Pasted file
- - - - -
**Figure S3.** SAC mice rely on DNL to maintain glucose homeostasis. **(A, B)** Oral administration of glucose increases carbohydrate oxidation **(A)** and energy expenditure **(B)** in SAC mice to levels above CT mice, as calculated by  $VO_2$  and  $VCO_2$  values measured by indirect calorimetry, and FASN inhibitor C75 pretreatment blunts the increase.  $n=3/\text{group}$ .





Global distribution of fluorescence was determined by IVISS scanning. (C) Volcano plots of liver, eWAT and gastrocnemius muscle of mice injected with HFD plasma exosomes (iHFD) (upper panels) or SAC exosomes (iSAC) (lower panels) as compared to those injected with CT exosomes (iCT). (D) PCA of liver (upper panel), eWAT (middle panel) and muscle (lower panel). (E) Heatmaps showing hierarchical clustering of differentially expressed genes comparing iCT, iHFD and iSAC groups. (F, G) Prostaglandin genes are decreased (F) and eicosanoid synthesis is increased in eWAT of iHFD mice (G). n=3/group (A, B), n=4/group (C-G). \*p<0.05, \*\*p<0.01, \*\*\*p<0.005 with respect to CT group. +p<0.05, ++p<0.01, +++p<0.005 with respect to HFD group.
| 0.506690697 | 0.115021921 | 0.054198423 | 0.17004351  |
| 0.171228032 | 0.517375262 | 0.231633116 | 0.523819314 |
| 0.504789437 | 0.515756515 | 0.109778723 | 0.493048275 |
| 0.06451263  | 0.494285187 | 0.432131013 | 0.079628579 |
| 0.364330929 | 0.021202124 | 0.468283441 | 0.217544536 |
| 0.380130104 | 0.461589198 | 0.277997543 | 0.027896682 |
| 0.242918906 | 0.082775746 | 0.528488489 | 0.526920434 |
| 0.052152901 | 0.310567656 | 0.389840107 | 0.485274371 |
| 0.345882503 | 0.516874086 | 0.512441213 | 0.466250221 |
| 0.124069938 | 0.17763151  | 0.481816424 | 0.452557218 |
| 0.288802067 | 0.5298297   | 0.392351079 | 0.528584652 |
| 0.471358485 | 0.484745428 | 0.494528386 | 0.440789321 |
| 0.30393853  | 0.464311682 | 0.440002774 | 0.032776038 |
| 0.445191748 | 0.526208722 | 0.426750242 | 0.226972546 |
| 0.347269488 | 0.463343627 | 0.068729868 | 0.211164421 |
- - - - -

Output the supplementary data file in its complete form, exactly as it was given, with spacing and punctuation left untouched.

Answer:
**Figure S3.** SAC mice rely on DNL to maintain glucose homeostasis. **(A, B)** Oral administration of glucose increases carbohydrate oxidation **(A)** and energy expenditure **(B)** in SAC mice to levels above CT mice, as calculated by  $VO_2$  and  $VCO_2$  values measured by indirect calorimetry, and FASN inhibitor C75 pretreatment blunts the increase.  $n=3/\text{group}$ .





Global distribution of fluorescence was determined by IVISS scanning. (C) Volcano plots of liver, eWAT and gastrocnemius muscle of mice injected with HFD plasma exosomes (iHFD) (upper panels) or SAC exosomes (iSAC) (lower panels) as compared to those injected with CT exosomes (iCT). (D) PCA of liver (upper panel), eWAT (middle panel) and muscle (lower panel). (E) Heatmaps showing hierarchical clustering of differentially expressed genes comparing iCT, iHFD and iSAC groups. (F, G) Prostaglandin genes are decreased (F) and eicosanoid synthesis is increased in eWAT of iHFD mice (G). n=3/group (A, B), n=4/group (C-G). \*p<0.05, \*\*p<0.01, \*\*\*p<0.005 with respect to CT group. +p<0.05, ++p<0.01, +++p<0.005 with respect to HFD group.
| 0.506690697 | 0.115021921 | 0.054198423 | 0.17004351  |
| 0.171228032 | 0.517375262 | 0.231633116 | 0.523819314 |
| 0.504789437 | 0.515756515 | 0.109778723 | 0.493048275 |
| 0.06451263  | 0.494285187 | 0.432131013 | 0.079628579 |
| 0.364330929 | 0.021202124 | 0.468283441 | 0.217544536 |
| 0.380130104 | 0.461589198 | 0.277997543 | 0.027896682 |
| 0.242918906 | 0.082775746 | 0.528488489 | 0.526920434 |
| 0.052152901 | 0.310567656 | 0.389840107 | 0.485274371 |
| 0.345882503 | 0.516874086 | 0.512441213 | 0.466250221 |
| 0.124069938 | 0.17763151  | 0.481816424 | 0.452557218 |
| 0.288802067 | 0.5298297   | 0.392351079 | 0.528584652 |
| 0.471358485 | 0.484745428 | 0.494528386 | 0.440789321 |
| 0.30393853  | 0.464311682 | 0.440002774 | 0.032776038 |
| 0.445191748 | 0.526208722 | 0.426750242 | 0.226972546 |
| 0.347269488 | 0.463343627 | 0.068729868 | 0.211164421 |